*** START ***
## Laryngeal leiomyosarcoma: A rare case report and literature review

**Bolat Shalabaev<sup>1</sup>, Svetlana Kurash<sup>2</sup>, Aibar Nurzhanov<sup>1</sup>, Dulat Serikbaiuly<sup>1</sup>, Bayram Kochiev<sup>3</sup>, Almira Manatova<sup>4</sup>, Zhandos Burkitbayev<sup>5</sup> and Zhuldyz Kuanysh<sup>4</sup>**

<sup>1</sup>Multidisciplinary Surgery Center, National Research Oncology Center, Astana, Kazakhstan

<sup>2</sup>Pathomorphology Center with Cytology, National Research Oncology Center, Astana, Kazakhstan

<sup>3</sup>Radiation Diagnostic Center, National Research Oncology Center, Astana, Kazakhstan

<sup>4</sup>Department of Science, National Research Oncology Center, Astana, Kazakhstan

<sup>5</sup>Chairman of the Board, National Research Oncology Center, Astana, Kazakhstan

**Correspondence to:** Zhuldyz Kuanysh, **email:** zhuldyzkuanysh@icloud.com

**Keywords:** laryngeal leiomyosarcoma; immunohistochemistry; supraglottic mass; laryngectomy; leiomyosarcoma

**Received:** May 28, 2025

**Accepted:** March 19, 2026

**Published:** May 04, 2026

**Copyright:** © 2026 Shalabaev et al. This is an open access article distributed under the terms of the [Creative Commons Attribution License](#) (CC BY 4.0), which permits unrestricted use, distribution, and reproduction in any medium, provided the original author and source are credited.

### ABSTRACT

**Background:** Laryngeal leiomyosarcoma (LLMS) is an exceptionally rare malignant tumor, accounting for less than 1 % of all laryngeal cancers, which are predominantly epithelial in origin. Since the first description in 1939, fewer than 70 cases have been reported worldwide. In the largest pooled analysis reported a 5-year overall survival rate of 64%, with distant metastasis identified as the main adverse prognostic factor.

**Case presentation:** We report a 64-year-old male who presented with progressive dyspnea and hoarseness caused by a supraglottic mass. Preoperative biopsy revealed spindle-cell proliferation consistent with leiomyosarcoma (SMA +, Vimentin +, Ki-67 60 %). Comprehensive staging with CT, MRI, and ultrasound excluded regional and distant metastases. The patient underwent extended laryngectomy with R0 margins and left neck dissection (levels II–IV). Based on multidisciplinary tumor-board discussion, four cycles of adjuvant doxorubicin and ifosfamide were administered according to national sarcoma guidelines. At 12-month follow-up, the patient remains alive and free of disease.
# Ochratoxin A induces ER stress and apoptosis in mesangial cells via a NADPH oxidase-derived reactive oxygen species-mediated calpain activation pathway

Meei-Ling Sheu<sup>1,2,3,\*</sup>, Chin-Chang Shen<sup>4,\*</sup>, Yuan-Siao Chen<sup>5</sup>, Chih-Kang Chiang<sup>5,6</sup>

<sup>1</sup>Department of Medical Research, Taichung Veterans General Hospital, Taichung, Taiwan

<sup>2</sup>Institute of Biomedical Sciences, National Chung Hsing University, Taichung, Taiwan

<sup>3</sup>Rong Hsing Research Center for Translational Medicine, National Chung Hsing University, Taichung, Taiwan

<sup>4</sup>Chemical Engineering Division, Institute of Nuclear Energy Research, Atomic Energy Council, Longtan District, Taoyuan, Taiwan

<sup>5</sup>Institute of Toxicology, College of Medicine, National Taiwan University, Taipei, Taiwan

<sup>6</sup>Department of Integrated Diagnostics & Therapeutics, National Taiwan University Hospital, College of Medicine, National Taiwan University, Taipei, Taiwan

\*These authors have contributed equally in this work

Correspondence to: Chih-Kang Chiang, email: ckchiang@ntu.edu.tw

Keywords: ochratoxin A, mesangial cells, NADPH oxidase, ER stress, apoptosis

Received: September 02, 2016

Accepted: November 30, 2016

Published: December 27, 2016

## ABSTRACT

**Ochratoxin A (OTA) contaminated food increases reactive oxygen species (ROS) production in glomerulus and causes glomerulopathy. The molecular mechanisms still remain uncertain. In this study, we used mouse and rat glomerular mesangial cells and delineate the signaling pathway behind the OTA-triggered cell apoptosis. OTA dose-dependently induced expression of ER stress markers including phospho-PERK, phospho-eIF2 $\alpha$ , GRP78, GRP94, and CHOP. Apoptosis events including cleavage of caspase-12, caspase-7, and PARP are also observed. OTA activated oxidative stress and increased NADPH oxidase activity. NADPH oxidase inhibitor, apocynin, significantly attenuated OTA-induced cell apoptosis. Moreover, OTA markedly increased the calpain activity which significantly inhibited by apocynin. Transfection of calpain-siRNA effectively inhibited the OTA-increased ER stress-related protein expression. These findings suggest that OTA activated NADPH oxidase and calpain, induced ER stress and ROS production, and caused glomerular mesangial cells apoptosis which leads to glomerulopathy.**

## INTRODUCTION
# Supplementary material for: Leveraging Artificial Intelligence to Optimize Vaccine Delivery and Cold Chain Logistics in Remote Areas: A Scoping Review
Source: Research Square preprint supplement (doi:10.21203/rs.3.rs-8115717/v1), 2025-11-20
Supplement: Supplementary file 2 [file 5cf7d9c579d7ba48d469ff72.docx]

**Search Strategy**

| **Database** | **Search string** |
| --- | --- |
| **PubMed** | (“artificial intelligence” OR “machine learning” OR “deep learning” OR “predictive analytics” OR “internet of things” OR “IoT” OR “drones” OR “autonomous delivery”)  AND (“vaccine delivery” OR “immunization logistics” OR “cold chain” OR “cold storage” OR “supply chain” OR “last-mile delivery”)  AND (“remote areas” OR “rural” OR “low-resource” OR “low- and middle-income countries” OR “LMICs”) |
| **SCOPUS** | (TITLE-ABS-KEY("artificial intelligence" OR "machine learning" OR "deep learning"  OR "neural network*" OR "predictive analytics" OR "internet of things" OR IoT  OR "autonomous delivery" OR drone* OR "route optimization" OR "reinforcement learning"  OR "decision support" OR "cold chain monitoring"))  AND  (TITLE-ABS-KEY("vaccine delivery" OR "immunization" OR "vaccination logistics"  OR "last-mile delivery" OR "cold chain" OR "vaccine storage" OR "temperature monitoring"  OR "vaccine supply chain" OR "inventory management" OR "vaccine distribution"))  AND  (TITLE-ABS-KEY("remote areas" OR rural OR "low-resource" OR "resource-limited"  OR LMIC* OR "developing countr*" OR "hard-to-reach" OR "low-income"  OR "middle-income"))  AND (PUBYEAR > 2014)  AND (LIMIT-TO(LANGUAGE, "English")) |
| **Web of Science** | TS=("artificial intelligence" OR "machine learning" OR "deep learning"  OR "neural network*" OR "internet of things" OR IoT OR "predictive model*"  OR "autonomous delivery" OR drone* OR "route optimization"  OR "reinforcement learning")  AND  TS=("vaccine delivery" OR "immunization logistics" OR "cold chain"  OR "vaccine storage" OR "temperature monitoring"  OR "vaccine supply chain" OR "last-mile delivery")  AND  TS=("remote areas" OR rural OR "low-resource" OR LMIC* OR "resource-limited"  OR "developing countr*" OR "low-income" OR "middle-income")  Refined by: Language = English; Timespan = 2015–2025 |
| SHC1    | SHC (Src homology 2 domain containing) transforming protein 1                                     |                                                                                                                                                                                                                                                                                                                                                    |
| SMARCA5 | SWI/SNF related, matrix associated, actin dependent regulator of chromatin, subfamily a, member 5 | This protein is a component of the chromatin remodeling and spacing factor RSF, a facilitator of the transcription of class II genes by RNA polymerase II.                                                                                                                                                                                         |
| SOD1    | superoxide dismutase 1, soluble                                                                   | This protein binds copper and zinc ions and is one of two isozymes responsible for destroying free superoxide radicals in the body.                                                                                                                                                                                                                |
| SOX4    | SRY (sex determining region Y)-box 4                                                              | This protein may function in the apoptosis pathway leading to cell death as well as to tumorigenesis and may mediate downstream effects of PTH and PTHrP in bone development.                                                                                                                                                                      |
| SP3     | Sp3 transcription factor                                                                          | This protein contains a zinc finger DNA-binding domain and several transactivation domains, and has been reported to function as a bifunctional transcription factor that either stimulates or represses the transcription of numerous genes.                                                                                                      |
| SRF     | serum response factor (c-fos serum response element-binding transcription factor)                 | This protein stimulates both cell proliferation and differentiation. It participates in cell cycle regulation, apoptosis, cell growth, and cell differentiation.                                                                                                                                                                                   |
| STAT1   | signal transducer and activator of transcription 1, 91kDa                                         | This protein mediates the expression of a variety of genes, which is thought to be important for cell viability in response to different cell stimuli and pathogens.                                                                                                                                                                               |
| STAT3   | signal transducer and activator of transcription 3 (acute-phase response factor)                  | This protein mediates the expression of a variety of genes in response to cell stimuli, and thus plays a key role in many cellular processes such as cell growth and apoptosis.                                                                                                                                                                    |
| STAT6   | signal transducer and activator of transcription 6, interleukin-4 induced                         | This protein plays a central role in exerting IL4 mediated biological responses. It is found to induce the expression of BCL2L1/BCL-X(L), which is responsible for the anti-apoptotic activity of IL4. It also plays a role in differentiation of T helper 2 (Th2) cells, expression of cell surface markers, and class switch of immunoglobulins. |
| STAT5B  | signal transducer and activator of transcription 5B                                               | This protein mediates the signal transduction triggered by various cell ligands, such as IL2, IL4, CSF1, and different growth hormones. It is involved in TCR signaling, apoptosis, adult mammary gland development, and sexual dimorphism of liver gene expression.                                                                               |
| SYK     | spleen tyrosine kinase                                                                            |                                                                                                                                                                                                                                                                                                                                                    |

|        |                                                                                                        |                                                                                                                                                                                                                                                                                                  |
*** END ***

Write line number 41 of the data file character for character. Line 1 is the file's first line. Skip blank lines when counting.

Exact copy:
| **SCOPUS** | (TITLE-ABS-KEY("artificial intelligence" OR "machine learning" OR "deep learning"  OR "neural network*" OR "predictive analytics" OR "internet of things" OR IoT  OR "autonomous delivery" OR drone* OR "route optimization" OR "reinforcement learning"  OR "decision support" OR "cold chain monitoring"))  AND  (TITLE-ABS-KEY("vaccine delivery" OR "immunization" OR "vaccination logistics"  OR "last-mile delivery" OR "cold chain" OR "vaccine storage" OR "temperature monitoring"  OR "vaccine supply chain" OR "inventory management" OR "vaccine distribution"))  AND  (TITLE-ABS-KEY("remote areas" OR rural OR "low-resource" OR "resource-limited"  OR LMIC* OR "developing countr*" OR "hard-to-reach" OR "low-income"  OR "middle-income"))  AND (PUBYEAR > 2014)  AND (LIMIT-TO(LANGUAGE, "English")) |